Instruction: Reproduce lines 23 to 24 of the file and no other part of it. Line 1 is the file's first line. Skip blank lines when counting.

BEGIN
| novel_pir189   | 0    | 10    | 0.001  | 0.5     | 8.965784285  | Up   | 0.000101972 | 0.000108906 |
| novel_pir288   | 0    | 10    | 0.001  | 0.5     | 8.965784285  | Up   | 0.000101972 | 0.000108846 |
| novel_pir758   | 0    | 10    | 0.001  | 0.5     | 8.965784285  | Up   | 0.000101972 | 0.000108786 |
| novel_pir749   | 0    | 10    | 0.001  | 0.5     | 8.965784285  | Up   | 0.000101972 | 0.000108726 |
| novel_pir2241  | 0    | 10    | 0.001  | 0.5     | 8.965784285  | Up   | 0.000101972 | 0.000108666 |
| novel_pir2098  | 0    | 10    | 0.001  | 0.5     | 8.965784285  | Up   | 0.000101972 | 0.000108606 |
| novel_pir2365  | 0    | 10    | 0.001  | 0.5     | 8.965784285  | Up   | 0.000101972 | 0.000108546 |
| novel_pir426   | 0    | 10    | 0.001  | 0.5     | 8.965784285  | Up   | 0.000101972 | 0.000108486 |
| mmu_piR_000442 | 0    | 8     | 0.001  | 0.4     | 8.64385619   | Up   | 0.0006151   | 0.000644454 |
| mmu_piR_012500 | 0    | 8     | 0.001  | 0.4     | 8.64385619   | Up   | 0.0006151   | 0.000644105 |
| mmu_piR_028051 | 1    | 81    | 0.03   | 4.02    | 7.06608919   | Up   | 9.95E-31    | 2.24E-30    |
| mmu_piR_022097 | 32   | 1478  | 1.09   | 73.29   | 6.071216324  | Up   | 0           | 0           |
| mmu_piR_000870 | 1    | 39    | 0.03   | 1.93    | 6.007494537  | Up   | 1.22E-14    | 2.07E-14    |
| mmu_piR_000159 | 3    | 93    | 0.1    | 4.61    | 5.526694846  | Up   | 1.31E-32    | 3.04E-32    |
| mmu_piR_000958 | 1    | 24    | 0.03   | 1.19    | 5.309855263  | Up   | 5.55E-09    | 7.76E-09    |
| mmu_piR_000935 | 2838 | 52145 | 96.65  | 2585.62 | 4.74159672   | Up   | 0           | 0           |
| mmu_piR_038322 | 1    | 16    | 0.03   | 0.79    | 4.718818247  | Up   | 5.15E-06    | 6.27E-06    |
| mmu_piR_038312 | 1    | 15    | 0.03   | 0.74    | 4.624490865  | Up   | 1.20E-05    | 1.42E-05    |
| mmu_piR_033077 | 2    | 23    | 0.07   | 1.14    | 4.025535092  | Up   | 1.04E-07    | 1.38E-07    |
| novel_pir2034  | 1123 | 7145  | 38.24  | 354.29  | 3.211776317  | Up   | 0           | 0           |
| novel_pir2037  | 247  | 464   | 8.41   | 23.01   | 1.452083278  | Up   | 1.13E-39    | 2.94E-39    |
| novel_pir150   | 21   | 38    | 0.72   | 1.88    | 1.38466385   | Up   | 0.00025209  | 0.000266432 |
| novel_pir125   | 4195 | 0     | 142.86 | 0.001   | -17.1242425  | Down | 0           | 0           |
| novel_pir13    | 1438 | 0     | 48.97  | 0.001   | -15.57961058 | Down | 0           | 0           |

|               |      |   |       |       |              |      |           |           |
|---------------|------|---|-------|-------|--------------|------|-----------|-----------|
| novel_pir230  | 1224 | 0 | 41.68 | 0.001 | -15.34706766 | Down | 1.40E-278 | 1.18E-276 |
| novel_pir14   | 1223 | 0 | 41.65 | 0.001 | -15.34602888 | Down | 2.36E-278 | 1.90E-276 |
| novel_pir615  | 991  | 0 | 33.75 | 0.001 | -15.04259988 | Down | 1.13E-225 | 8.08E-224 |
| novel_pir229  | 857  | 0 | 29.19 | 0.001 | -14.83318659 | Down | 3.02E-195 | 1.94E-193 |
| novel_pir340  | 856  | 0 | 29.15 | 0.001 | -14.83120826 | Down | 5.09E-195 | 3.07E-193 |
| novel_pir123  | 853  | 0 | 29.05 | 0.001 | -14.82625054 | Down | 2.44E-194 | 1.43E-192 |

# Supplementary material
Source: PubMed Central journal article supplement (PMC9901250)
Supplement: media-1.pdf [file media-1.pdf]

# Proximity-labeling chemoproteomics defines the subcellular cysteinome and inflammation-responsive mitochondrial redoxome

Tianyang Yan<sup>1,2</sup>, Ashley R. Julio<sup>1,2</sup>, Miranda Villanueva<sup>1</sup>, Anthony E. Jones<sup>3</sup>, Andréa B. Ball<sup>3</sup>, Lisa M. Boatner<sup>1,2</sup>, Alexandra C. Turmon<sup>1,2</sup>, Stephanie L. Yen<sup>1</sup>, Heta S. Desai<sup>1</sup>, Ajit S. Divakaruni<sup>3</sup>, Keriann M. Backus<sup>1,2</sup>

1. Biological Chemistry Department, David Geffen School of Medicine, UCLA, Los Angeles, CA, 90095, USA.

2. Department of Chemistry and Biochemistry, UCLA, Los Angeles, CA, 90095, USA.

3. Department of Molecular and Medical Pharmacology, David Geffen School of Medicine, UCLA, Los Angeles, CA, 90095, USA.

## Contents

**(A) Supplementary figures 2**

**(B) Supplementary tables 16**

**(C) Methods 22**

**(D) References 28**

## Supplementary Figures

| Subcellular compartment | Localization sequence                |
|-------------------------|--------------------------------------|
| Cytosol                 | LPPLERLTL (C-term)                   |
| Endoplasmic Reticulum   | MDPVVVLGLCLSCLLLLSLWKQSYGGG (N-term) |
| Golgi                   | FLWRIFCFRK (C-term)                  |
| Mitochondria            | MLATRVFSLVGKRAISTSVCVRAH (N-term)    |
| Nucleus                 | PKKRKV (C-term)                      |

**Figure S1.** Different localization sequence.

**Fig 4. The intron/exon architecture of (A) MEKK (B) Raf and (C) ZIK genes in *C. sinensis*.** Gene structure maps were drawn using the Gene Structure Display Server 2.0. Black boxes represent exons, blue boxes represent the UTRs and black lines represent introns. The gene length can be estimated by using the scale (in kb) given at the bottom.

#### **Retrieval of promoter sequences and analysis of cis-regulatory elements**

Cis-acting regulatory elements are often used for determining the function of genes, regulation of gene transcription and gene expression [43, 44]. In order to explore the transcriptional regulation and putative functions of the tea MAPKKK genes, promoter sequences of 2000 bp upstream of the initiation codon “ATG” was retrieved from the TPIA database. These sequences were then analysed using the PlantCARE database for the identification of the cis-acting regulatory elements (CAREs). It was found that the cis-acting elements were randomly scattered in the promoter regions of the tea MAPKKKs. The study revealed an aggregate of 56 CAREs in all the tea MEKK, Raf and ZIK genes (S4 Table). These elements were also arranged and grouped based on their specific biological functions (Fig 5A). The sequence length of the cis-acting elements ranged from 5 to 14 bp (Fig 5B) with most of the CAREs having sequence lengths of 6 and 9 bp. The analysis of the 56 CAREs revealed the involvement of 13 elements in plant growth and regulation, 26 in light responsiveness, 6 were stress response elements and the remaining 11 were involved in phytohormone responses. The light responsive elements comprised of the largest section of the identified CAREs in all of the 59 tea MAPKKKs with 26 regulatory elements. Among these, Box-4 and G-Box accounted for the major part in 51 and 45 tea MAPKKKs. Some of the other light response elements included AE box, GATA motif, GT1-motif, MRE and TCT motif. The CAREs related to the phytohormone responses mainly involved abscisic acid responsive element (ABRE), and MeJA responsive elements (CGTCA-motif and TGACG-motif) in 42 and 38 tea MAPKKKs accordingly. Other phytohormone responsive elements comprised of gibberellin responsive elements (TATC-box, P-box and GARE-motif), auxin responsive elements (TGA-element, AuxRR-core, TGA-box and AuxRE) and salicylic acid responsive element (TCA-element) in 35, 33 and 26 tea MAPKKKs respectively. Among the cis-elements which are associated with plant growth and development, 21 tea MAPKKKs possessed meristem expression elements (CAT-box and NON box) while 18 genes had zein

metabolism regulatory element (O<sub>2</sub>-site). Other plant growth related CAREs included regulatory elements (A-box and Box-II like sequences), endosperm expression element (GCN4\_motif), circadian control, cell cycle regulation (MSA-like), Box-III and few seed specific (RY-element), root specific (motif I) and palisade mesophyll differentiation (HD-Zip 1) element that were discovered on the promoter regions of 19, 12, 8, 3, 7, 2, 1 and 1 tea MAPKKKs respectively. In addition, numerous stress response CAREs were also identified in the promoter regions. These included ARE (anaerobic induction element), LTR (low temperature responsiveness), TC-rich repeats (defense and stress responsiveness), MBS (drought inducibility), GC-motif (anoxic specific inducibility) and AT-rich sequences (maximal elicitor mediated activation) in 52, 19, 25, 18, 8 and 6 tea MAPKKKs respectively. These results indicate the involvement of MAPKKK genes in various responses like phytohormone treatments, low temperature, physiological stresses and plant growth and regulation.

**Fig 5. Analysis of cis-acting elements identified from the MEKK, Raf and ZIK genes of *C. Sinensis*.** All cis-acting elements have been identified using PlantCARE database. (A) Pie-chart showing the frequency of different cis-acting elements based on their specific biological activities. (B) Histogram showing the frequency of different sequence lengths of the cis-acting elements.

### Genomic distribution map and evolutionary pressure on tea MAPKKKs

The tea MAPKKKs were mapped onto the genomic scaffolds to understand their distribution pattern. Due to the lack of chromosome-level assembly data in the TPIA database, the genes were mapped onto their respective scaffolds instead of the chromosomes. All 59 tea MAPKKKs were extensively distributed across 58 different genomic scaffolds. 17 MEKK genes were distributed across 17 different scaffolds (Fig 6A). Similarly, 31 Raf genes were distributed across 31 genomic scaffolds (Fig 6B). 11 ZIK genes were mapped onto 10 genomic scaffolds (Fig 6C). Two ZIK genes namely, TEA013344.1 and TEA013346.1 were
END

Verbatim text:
| novel_pir125   | 4195 | 0     | 142.86 | 0.001   | -17.1242425  | Down | 0           | 0           |
| novel_pir13    | 1438 | 0     | 48.97  | 0.001   | -15.57961058 | Down | 0           | 0           |